The study involves two projects. The first is focused on a group of families in Immokalee, where FSU researchers will gather data on air, water, surface and biological fluids to measure potential environmental toxicants, along with the exposure to adverse childhood experiences. Researchers will develop a “toxisome” for each child, and study how these experiences and exposures alter their neurobehavioral development, gut microbiome and neurodevelopmental trajectory.
This project will be co-led by Rosado and FSU College of Education, Health, and Human Sciences* Professor Bob Hickner.
In the second project, they will use publicly available data across the state to create a new cumulative impact assessment approach using artificial intelligence to find patterns that are not otherwise readily apparent. This project will be led by FSU College of Social Sciences & Public Policy Associate Professor Christopher Uejio and will map key physical, social and behavioral exposures and relate them to health outcomes data.
“The first project gives us a rich data set combining not only what we learn through our Center for Childhood Stress and Health, but also the fact that the women and children in our study are exposed to pesticides through their daily lives on a level not often seen in other communities,” Stanwood said.
Rosado added: “The project also gives us an opportunity to bring together diverse community stakeholders to consider ways of partnering to reduce the health risk associated with living in an agricultural community.”
The second project involves a novel risk assessment calculation conducted throughout the state at the zip code level, providing information about a diverse population of more than 21 million people to look for relevant patterns of health.
“Protecting children’s health is one of the most important responsibilities of the EPA and we are able to bring together expertise from numerous departments across campus to partner with them in taking on this critical challenge,” Vice President for Research Stacey Patterson said.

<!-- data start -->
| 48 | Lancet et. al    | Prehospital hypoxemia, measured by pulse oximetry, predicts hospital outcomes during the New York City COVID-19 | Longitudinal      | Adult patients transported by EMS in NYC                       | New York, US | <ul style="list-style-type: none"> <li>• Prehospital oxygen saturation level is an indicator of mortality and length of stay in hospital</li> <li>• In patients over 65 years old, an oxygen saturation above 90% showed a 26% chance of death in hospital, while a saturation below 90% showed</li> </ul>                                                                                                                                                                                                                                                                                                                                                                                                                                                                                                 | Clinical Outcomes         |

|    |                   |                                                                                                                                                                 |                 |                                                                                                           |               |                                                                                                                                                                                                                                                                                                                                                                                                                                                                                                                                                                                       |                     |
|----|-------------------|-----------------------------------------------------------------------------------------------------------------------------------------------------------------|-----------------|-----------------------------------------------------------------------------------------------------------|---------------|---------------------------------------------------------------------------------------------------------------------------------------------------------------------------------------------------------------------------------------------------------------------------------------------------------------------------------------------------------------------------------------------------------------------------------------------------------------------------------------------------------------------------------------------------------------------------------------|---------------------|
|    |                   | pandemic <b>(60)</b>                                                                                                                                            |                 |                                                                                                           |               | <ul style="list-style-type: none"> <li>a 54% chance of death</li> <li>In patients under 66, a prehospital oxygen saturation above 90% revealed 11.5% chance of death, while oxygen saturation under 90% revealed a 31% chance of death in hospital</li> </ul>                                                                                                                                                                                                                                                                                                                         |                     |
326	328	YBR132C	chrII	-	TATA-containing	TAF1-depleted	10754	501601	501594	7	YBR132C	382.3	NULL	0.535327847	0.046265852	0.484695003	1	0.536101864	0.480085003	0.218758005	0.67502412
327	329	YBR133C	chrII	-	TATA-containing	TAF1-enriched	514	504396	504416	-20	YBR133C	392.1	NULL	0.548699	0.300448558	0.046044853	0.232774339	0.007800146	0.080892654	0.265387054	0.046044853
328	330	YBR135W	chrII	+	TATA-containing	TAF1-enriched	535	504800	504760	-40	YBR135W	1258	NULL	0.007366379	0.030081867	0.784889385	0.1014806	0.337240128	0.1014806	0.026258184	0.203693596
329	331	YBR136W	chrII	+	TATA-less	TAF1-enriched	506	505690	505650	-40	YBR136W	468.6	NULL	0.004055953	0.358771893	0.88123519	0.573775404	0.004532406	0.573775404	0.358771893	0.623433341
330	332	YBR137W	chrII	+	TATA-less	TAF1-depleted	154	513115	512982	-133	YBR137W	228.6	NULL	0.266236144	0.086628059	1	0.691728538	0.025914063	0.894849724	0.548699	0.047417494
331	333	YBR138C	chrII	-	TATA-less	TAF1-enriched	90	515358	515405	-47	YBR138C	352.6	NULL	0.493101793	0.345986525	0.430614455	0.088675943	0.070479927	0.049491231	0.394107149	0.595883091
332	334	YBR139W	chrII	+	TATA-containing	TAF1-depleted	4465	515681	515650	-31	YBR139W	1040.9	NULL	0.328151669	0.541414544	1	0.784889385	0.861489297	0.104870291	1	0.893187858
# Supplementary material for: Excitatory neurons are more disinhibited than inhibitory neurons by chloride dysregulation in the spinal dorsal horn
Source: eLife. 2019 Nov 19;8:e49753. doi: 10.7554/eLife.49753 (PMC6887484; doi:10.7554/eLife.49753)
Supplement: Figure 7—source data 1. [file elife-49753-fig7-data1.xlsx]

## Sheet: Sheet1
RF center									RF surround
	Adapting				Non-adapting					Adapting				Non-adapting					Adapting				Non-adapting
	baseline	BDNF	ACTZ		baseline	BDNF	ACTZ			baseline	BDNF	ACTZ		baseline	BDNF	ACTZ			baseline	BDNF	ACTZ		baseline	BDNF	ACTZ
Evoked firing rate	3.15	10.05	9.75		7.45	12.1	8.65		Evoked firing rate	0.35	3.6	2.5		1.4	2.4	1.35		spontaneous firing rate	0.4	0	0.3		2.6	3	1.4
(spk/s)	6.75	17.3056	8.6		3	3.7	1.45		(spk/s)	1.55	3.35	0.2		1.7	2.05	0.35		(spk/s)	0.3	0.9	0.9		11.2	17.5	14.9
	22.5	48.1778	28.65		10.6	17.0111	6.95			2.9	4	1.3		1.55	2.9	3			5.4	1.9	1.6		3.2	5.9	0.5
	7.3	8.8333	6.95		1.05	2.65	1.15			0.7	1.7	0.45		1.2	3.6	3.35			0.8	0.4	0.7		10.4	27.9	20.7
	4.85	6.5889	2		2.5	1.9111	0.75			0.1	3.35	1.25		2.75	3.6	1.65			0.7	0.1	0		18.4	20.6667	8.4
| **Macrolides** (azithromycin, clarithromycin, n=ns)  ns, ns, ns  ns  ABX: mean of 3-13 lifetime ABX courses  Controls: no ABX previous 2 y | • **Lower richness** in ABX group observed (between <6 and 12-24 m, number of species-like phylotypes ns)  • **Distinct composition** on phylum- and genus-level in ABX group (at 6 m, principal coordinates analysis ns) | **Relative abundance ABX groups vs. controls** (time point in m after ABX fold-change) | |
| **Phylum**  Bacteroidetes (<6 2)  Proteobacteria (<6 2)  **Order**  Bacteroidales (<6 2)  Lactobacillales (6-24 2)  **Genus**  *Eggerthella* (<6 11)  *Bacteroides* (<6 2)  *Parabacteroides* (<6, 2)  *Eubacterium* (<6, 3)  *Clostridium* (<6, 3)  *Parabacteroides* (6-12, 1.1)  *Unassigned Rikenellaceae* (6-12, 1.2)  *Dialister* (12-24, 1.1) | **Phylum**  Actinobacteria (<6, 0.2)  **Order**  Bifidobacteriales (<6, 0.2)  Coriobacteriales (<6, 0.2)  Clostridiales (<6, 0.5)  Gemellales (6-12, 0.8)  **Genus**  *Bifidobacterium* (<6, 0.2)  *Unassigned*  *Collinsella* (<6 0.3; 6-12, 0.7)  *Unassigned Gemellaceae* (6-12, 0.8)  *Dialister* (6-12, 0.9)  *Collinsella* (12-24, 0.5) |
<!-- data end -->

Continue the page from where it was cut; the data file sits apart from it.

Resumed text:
Other FSU researchers participating in the study include: Laurie Abbot and Jessica Bahorski (College of Nursing), Elena Reyes, Devon Graham and Ursula Weiss (College of Medicine), Ravinder Nagpal (College of Education, Health and Human Sciences*), Elizabeth Hammock (Department of Psychology), Zhe He (College of Communication and Information), Christopher Holmes and Ming Ye (Department of Earth, Ocean and Atmospheric Science), Michael Killian (College of Social Work) and Joseph Schwartz (College of Criminology and Criminal Justice). Former FSU Professor of Human Development and Family Sciences Joe Grzywacz also assisted with the grant and will continue to support the project from his new position at San Jose State University.
*The College of Education and the College of Health and Human Sciences were recently combined to capitalize on the strengths of each college. The college’s name is pending final approval.
Contact Doug Carlson at Doug.Carlson@med.fsu.edu
Spotlight photo and photo at top right: Children in the rural community of Immokalee -- where 80% of the population works in agriculture, the majority in the fields -- have higher-than-normal exposure to pesticides.
(Photo by Colin Hackley for the FSU College of Medicine)